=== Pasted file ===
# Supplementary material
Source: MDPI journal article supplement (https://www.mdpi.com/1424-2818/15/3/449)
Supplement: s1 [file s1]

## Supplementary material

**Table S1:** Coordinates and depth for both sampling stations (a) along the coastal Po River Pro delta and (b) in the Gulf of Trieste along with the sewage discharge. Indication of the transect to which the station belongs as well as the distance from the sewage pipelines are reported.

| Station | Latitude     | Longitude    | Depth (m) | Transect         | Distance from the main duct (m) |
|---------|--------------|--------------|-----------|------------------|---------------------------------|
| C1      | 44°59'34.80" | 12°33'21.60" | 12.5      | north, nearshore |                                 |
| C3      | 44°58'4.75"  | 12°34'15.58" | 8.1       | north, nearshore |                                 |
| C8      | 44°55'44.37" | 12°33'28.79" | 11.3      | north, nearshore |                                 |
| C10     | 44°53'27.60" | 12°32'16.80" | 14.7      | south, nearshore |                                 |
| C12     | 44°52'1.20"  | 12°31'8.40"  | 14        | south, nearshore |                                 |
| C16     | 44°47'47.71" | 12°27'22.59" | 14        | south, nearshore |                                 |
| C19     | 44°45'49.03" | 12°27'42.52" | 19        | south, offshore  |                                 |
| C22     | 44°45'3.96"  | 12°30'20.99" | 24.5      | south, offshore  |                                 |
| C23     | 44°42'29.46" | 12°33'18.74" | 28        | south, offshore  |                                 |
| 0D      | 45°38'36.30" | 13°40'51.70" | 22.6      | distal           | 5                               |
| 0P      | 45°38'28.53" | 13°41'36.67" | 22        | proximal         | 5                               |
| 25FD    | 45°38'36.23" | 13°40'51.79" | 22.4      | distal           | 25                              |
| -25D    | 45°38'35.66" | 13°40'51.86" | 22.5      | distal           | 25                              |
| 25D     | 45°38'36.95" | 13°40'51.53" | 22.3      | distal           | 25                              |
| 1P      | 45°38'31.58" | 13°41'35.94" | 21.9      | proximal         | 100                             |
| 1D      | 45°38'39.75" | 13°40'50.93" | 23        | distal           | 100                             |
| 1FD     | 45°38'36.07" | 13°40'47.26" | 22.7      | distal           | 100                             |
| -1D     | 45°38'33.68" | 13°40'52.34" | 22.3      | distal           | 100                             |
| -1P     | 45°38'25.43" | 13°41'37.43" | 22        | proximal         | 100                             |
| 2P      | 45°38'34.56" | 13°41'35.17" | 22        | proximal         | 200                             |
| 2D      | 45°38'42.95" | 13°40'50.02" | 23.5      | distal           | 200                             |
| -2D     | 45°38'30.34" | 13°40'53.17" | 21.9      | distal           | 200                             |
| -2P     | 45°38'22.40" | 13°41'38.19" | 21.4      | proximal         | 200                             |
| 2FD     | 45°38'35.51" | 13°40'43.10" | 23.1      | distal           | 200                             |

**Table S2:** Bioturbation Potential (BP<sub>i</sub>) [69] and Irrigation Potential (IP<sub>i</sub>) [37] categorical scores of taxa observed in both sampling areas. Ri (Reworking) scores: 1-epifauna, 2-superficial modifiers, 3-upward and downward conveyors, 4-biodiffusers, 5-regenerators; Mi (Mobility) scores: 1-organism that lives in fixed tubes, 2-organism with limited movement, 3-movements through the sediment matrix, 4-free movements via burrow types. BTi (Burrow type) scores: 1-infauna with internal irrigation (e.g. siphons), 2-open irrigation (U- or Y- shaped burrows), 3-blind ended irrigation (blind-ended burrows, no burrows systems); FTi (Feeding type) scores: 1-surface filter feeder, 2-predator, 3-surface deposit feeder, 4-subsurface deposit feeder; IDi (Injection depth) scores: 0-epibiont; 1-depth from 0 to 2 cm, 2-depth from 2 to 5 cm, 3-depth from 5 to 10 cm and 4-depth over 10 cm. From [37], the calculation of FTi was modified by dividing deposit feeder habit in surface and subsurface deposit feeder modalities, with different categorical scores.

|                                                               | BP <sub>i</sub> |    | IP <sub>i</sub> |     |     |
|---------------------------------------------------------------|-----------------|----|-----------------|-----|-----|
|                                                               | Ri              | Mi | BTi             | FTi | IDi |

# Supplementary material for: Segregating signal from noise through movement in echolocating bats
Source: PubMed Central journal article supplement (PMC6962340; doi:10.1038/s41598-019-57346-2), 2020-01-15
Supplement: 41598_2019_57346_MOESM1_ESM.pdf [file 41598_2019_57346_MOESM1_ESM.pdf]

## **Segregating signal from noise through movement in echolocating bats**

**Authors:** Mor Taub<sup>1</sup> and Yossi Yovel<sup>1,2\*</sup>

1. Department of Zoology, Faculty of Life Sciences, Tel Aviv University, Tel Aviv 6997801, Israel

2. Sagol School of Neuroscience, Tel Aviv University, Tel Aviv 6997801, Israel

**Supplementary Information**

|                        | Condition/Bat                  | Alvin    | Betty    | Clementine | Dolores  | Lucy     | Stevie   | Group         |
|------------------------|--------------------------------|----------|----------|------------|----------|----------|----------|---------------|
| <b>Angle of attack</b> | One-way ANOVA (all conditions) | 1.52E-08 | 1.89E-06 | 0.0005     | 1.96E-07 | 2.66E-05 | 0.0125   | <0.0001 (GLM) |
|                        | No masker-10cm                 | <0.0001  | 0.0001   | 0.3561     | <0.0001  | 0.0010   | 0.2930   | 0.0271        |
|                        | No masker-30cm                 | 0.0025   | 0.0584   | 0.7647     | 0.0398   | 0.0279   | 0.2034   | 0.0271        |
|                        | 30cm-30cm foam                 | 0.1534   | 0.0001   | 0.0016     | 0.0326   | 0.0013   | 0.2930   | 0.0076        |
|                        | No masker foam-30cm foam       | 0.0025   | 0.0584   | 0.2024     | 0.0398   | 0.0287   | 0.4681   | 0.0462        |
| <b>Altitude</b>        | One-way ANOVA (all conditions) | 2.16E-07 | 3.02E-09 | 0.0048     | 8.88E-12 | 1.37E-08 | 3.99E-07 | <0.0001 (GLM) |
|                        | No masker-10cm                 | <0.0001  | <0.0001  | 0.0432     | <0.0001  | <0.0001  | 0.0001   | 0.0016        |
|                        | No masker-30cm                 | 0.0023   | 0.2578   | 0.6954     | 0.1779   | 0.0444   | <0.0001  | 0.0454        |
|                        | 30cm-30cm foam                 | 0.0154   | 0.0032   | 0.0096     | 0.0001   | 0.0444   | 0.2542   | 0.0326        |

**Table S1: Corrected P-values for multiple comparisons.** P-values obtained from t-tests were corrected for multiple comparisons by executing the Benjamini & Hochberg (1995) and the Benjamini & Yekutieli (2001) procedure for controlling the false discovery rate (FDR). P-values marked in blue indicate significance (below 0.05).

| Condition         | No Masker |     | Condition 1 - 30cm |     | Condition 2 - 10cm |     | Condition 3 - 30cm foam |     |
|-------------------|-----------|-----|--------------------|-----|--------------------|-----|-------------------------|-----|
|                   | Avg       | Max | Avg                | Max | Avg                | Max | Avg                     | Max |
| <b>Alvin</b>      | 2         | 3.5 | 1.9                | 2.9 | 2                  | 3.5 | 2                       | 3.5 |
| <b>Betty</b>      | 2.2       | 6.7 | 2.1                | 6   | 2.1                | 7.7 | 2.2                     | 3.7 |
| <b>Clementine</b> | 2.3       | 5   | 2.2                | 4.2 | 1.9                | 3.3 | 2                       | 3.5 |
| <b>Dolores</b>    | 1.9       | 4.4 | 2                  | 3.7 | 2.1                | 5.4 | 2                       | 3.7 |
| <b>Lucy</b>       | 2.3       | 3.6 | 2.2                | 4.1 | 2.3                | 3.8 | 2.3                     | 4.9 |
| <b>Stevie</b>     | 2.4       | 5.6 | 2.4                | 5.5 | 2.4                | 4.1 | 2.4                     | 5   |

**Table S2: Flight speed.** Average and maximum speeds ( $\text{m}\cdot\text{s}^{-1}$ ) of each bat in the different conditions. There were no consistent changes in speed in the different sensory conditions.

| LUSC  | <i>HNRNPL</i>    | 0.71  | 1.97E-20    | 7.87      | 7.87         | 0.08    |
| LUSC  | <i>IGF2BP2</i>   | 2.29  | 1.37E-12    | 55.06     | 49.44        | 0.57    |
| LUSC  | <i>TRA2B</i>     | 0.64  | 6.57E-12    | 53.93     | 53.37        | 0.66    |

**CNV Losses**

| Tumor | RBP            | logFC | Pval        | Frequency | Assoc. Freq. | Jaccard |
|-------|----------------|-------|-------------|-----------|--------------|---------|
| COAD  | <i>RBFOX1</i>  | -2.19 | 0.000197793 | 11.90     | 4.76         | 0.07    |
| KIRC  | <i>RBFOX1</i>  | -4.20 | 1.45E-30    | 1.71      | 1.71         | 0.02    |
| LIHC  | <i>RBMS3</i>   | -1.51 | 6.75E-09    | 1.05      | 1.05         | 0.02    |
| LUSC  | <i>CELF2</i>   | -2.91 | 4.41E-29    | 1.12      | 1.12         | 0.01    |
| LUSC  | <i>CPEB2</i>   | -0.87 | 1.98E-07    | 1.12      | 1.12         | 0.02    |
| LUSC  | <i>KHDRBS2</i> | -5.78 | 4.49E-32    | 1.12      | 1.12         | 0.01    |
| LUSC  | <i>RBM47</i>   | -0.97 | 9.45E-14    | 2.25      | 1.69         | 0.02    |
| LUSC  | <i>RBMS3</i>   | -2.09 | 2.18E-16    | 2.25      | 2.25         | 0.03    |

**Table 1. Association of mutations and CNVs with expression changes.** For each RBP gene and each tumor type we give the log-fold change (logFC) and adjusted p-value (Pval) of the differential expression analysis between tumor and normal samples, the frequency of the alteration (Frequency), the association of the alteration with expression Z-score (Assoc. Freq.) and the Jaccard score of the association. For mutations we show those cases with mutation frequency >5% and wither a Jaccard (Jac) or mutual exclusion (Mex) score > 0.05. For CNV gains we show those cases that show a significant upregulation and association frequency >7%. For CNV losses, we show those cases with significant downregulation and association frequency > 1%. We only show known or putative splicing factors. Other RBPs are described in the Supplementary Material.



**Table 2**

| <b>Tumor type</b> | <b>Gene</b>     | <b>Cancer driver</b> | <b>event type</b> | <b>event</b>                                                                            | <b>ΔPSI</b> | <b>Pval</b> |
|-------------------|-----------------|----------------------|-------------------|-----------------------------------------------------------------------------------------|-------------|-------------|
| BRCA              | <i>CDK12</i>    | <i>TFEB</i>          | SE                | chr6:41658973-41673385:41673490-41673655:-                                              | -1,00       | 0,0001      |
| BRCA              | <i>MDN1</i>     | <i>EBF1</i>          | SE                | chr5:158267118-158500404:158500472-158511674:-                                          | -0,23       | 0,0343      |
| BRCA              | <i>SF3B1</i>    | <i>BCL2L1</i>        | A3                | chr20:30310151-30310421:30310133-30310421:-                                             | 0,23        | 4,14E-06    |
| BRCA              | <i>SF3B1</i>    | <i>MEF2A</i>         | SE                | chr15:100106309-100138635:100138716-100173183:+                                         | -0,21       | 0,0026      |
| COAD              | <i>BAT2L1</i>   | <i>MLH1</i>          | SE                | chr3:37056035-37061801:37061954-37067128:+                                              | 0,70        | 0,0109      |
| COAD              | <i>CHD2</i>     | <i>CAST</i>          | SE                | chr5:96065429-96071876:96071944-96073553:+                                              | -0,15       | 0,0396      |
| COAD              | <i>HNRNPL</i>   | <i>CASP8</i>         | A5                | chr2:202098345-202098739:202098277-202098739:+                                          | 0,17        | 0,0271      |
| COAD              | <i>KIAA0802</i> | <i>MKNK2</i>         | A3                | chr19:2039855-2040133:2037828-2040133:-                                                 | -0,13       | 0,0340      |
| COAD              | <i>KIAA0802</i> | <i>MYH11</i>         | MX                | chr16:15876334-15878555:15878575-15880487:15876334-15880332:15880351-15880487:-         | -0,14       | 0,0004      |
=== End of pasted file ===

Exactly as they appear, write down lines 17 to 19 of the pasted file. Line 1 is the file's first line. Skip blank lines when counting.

| 0D      | 45°38'36.30" | 13°40'51.70" | 22.6      | distal           | 5                               |
| 0P      | 45°38'28.53" | 13°41'36.67" | 22        | proximal         | 5                               |
| 25FD    | 45°38'36.23" | 13°40'51.79" | 22.4      | distal           | 25                              |